SA: Decline is not really used in this context. Speaking about class- or group thinking it would be a very obvious decline though. That even extends beyond the city, as in the northern suburbs there are the super-rich and this is gradually declining towards the south. What is interesting in terms of this north-south decline, as you put it, or this north-south division: I have met many people in south Tel Aviv who are Jewish, but who are Mizrahi or Sephardi, meaning Jews not of European descent but from the Maghreb, North Africa, or from the Middle East, from Iraq, or from Yemen, for instance. And it is easy to read in the urban fabric that there are not only migrants from Africa and socio-economically weak migrants from Eastern Europe in the south of Tel Aviv, but also especially non-European Jews. There are some organisations and NGOs who approach the subject, and it is them who particularly emphasise shared concerns and a critical stance against the municipality and the state of Israel; as Jews, which is highlighted. They are fighting for equal rights for all people who are here. And that includes themselves, the Mizrahi Jews, but also African migrants, or Palestinians. Some of these initiatives are furthermore strongly feminist, which constitutes another layer in this borderland, or the folding and overlapping spaces. All this constitutes an intriguing situation. These organisations and individuals heavily criticise that the municipality and the state are run and dominated by the Ashkenazi or European Jews and that all other people and groups cannot participate or have their say. The critique is also about how financial support is organised. There is money but it again goes to Ashkenazi NGOs and they go to the south of Tel Aviv to do something. But the claim from the people there is: give us the money; we know what we need, we know what we want and we can do the things ourselves. In this respect, we are talking about another colonial project, shrunk to a city or a small urban space.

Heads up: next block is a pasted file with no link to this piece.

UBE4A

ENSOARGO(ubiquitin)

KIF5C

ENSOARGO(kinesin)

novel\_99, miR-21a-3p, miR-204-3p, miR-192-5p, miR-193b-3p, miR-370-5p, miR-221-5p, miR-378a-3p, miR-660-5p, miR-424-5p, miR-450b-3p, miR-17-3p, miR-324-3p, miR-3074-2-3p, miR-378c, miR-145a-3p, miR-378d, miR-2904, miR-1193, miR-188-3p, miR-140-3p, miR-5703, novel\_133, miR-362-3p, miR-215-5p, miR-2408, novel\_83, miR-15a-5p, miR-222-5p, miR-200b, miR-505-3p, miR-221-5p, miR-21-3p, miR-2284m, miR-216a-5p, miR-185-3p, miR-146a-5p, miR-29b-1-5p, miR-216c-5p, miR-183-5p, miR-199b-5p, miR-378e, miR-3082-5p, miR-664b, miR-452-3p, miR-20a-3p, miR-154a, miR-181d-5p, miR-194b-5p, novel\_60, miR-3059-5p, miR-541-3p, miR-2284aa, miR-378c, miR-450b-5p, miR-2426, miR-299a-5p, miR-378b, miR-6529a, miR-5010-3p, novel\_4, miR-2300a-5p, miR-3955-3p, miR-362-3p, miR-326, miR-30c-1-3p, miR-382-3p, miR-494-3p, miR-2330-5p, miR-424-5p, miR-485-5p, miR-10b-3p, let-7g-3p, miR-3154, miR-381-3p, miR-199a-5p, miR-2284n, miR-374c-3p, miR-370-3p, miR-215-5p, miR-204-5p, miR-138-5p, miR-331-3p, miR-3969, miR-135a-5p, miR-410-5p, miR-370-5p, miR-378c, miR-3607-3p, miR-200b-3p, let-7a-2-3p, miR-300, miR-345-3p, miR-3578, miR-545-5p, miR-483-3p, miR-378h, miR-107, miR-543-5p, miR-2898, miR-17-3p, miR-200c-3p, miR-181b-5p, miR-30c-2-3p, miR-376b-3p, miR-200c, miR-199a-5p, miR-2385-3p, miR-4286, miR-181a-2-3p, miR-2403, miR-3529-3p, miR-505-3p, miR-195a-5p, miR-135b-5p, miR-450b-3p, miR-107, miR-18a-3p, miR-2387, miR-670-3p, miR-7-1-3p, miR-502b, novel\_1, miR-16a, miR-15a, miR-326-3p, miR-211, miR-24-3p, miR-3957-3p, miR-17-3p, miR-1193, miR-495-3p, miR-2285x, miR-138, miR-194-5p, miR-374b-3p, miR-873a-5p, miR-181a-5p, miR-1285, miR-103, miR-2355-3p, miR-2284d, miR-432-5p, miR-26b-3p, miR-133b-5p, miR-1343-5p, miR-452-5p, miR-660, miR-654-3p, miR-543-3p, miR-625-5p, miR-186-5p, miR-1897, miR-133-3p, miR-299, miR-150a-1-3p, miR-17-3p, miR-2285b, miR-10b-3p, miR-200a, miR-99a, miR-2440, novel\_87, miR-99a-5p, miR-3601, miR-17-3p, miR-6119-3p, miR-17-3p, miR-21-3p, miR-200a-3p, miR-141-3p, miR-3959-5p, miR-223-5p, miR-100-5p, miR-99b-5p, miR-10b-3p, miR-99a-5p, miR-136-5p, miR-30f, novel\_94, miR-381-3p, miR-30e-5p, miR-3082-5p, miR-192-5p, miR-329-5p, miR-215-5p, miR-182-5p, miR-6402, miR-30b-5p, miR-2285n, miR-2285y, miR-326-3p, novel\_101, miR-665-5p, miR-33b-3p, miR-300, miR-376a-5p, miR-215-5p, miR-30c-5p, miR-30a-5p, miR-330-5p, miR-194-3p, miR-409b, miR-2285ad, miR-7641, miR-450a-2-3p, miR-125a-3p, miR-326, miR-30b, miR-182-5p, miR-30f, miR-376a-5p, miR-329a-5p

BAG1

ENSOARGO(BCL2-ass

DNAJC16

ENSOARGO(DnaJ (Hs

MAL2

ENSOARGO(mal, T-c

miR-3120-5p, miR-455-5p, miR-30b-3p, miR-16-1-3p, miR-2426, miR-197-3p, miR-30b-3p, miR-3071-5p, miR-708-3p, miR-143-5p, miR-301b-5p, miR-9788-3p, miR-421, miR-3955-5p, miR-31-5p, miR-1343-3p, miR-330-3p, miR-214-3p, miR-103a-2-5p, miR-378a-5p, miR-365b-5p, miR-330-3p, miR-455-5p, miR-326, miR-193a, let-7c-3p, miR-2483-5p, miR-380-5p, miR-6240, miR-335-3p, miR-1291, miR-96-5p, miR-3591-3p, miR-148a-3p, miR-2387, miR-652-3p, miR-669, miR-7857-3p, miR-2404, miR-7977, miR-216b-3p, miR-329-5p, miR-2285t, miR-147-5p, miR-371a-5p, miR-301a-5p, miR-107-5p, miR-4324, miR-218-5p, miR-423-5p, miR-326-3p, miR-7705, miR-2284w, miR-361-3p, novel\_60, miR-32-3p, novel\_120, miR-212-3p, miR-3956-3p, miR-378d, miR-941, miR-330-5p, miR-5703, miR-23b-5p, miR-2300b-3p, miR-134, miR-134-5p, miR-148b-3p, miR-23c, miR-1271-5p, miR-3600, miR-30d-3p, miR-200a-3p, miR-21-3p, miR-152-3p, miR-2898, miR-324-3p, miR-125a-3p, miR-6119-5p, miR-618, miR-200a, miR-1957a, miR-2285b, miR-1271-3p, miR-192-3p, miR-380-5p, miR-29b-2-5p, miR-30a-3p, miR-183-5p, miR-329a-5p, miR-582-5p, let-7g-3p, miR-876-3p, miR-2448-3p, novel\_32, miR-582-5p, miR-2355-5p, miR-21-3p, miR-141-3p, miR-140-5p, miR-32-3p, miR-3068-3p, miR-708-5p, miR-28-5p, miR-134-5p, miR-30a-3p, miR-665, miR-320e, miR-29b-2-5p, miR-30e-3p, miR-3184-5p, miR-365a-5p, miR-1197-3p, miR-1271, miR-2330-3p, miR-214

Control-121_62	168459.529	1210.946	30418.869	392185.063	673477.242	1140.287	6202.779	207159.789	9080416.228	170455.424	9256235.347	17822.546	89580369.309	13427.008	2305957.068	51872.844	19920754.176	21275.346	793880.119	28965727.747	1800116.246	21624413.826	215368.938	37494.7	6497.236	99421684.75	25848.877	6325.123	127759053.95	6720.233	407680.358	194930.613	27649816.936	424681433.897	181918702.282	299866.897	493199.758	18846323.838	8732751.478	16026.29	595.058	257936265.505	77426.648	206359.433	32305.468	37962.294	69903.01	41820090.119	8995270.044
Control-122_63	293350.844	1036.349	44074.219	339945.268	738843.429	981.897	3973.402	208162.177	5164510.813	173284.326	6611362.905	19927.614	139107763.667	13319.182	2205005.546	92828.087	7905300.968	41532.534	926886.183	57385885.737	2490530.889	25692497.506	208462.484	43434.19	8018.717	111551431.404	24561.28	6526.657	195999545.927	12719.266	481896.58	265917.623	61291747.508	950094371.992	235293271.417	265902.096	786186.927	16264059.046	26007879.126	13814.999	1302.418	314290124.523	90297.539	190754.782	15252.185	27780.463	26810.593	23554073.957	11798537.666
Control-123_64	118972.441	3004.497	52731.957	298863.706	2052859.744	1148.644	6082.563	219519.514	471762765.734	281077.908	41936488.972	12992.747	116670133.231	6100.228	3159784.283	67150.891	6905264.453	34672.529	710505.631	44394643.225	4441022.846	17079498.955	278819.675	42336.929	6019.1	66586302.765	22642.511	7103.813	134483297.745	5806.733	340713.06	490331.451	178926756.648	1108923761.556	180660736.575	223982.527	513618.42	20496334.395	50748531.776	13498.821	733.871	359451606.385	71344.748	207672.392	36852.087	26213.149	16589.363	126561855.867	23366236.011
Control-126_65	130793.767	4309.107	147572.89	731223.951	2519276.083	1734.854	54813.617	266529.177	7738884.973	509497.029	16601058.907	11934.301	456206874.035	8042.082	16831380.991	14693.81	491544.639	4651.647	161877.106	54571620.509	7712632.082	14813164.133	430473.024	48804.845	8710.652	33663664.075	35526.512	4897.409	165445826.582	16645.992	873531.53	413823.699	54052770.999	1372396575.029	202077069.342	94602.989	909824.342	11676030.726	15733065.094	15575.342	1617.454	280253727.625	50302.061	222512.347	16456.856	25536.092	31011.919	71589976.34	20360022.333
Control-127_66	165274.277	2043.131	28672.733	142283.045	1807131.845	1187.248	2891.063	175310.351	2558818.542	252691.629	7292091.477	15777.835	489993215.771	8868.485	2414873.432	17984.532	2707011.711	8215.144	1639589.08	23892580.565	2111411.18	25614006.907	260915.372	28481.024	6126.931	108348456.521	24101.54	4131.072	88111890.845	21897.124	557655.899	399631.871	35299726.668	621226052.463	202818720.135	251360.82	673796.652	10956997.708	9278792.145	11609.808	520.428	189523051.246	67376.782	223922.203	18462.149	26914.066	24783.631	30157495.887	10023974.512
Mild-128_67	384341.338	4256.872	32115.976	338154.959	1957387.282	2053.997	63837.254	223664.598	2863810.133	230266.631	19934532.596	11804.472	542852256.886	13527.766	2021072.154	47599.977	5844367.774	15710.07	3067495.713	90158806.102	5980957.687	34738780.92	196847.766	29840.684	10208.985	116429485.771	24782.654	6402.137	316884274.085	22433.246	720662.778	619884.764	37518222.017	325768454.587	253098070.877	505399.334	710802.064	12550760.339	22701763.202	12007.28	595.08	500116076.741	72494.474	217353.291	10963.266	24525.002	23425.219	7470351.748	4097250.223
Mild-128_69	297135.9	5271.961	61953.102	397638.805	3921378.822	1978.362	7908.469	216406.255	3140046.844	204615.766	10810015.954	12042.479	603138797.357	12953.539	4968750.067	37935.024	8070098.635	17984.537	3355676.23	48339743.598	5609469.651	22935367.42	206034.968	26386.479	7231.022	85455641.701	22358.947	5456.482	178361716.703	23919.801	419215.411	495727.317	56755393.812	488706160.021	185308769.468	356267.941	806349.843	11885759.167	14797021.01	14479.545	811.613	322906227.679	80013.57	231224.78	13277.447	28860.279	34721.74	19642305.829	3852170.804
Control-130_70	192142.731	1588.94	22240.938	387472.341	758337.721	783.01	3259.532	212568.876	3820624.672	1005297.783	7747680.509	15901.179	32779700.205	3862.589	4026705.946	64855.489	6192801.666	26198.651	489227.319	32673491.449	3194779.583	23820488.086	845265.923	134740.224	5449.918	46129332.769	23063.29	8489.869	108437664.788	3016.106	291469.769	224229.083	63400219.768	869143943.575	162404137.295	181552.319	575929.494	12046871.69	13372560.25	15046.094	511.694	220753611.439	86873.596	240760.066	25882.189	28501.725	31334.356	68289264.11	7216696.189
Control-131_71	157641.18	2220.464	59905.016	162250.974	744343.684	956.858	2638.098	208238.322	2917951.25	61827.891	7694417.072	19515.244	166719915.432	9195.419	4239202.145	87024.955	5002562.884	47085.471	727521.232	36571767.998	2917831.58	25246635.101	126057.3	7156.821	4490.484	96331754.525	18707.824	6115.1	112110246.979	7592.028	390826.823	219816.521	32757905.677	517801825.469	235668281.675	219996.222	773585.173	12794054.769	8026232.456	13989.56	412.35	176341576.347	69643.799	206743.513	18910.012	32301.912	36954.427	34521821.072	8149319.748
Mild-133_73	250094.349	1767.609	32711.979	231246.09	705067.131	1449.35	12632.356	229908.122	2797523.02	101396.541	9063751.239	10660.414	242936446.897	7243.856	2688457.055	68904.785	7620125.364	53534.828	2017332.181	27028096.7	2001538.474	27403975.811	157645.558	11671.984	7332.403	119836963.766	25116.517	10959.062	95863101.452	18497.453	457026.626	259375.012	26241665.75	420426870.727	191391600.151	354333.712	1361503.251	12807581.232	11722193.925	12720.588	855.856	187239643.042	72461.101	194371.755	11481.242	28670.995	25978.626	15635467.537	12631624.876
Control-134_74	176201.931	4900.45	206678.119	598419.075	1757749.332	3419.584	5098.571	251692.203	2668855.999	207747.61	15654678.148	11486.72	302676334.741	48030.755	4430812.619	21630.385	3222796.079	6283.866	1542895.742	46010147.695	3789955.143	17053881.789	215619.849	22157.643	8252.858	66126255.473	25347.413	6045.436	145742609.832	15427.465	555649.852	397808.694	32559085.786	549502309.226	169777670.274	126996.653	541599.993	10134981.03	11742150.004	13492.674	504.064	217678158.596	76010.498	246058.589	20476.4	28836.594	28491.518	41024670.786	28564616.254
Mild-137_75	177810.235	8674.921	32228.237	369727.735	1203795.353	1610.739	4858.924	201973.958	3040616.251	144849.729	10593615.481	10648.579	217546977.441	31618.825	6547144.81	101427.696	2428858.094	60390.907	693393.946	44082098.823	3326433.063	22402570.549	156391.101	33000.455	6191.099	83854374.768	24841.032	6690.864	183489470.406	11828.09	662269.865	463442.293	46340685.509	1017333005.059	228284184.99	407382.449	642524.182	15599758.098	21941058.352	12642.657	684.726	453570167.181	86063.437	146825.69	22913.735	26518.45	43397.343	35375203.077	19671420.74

MG: Can you describe the architecture or the architectural zones in Tel Aviv?

SA: Relating back to the Arab-Israeli conflict, it is interesting to remind ourselves of the difference between Tel Aviv and Jaffa, the old Arab-Muslim city. While Tel Aviv grew out of Jaffa originally, the relation turned around and the city of Tel Aviv incorporated the city of Jaffa, establishing one municipality. With regard to that fact we can see that a modern, European attitude encounters a Middle Eastern way of living and building. This is quite obvious when it comes to the so called ‘White City’, the white city of Tel Aviv. When many Austrian and German architects once emigrated to Israel, or rather Palestine back then, they brought with them a modern way of planning and building, the so-called ‘Bauhaus’ style. This, hence, is a very clear distinction. Jaffa, although much smaller than Tel Aviv, representing this small scale, heterogeneous, narrow, seemingly unplanned, ‘oriental’ style; and the modern, ordered layout on the side of Tel Aviv.